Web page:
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Publisher's Summary

Scotland Yard's Murder Squad returns, in the stunning new historical thriller from the author of the acclaimed national best seller The Yard.

The British Midlands. It's called the "Black Country" for a reason. Bad things happen there.

When members of a prominent family disappear from a coal-mining village - and a human eyeball is discovered in a bird's nest - the local constable sends for help from Scotland Yard's new Murder Squad. Fresh off the grisly 1889 murders of The Yard, Inspector Walter Day and Sergeant Nevil Hammersmith respond, but they have no idea what they're about to get into. The villagers have intense, intertwined histories. Everybody bears a secret. Superstitions abound. And the village itself is slowly sinking into the mines beneath it.

Not even the arrival of forensics pioneer Dr. Bernard Kingsley seems to help. In fact, the more the three of them investigate, the more they realize they may never be allowed to leave....

©2013 Alex Grecian (P)2013 Penguin Audio

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  • Story

Geat, especially if you love historical mysteries!

Fantastic narration at 1.25 speed. The story is Intriguing with Sherlock Holmes style mystery. A great listenn

6 of 6 people found this review helpful

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AWESOME!!!!

The story is fantastic, the characters are well written and Toby Leonard Moore is amazing! If you liked "The Yard" you'll like this one. Mr. Grecian is a brilliant writer. He paints an extremely vivid picture that grabs the reader and doesn't let go!

4 of 4 people found this review helpful

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  • Ted
  • Lancaster, PA, United States
  • 05-02-14

Nice Writing About Not Much… Pity!

I read "The Yard' the first in this series. Liked it, enjoyed the characters, plotting, atmosphere, sense of place… you know… So I got "The Black Country", same ensemble but little of the same character. Grecain suffers from description dysfunction. That was a tad tedious in "The Yard" but with everything else going on, well okay. Here… well, I'm thinking that Grecian's a one hit wonder. Plot was reasonably similar, characters stopped growing. Some did walk-ons, like the lead detective's wife and the doctor's daughter, for no reason other than to slow things down more. Did the publisher demand that Grecian fill a specified number of pages? And the plot was … one word… "TEDIOUS".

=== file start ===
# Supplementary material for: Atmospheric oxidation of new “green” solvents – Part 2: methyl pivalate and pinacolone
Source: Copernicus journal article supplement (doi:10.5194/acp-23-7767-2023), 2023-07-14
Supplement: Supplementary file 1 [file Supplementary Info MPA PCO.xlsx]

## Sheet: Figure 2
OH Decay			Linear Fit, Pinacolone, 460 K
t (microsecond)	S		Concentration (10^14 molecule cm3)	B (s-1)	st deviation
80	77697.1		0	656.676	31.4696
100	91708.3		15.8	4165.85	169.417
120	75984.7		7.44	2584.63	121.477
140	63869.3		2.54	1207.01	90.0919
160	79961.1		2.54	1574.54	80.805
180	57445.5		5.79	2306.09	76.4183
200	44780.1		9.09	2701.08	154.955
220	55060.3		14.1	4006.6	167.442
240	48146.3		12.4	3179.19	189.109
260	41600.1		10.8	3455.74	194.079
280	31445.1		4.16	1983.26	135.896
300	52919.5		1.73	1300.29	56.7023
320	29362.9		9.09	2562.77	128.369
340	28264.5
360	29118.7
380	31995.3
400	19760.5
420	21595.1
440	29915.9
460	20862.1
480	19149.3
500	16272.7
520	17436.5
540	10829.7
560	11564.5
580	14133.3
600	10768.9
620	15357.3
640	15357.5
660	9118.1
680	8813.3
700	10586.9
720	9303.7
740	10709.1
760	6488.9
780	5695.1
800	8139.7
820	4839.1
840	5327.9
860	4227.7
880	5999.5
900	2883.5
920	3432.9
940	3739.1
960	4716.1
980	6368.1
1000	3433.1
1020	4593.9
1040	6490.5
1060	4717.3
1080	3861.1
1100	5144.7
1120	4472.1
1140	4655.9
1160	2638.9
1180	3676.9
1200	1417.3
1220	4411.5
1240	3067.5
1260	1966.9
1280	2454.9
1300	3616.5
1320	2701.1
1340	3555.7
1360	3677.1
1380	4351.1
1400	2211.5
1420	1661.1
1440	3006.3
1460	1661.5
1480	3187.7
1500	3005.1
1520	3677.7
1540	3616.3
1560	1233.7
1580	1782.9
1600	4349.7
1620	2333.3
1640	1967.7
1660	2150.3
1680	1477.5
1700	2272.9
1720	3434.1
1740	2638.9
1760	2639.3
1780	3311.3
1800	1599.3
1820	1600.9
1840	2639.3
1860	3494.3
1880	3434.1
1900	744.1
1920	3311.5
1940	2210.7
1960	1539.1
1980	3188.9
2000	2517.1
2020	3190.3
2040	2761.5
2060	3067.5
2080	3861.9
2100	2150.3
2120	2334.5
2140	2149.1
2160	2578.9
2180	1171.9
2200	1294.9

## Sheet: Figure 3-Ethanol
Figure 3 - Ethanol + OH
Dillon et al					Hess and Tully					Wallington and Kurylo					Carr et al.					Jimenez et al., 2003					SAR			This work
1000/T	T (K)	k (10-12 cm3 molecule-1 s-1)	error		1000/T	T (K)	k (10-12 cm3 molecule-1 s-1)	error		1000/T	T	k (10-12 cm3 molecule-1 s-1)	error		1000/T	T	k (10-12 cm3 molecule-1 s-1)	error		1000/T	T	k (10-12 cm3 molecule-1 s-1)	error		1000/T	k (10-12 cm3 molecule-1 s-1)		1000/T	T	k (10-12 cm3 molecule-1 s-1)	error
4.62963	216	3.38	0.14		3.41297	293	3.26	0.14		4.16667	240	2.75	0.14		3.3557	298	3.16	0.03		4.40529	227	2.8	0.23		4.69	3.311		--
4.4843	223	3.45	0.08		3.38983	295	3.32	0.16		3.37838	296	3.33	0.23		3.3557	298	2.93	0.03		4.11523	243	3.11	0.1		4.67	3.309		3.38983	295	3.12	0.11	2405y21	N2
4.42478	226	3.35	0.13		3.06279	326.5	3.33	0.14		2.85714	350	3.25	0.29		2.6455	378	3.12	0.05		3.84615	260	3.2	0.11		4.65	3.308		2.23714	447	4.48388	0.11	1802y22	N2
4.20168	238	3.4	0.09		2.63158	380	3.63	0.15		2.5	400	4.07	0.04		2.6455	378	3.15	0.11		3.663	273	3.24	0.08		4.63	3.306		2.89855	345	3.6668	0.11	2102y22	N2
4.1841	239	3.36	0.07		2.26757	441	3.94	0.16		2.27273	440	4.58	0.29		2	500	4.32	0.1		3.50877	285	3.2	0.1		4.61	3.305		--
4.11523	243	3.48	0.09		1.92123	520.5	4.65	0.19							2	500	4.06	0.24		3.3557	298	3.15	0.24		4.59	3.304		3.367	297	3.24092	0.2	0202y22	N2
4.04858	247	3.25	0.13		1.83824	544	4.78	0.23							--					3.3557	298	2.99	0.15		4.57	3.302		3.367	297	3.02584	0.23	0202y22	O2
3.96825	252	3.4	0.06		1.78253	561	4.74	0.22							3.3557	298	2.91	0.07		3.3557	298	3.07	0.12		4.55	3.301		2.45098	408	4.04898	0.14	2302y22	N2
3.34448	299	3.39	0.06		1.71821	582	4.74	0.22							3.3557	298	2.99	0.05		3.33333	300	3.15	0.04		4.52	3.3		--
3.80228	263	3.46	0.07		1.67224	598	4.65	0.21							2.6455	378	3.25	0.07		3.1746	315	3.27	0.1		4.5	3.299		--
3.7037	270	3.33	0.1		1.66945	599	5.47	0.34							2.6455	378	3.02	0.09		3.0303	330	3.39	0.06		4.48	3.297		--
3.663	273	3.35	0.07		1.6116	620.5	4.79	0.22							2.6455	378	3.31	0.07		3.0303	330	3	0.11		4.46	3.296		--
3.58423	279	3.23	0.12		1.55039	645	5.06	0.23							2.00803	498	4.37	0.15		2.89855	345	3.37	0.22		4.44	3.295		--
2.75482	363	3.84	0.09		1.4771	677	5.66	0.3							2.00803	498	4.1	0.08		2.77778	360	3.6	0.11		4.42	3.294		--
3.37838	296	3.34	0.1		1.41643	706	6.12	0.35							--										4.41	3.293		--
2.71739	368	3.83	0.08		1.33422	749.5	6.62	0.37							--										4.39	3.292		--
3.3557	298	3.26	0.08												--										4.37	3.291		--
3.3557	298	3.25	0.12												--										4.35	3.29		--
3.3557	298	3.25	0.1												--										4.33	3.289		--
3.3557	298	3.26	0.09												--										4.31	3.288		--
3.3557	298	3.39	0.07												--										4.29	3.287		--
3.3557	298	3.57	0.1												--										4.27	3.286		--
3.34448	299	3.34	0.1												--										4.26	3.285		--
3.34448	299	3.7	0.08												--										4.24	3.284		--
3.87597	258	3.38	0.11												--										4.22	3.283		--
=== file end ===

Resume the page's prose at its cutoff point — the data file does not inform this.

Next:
OK, he does write description nicely, but - as they say in the theatre - when the critics start reviewing the scenery… the play's in trouble. Take a pass on this, but get "The Yard" and enjoy Grecian's one hit, huh?

Oh, and Toby Leanard Moore couldn't save this thing even though he read it reeeeely reeeeely hard.

7 of 8 people found this review helpful

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A great sequel to THE YARD!

The Black Country is an able sequel to The Yard. It picks up several months after the events in The Yard and follows London's own Inspector Walter Day and Sergeant Nevil Hammersmith as they travel to an isolated mining village in the English Midlands for a brief (and, they hope, routine) investigation of a missing family feared to be the victims of murder.

Alex Grecian's strengths are creating a tangible sense of place and atmosphere - what he accomplished for post-Ripper London in The Yard he manages equally well here for the village of Blackhampton - and attending to characterization in the midst of action. The recurring characters genuinely grow, and the new characters, both primary and secondary, are three-dimensional and compelling. The crime at the heart of the mystery itself is wrenching in the best possible sense, and as in The Yard, there's a dark undercurrent of bleakness and helplessness that strikes just the right chord. Unlike in its predecessor novel, not every loose end is tied in a bow by the story's end, and I found this more authentic ending worked quite well.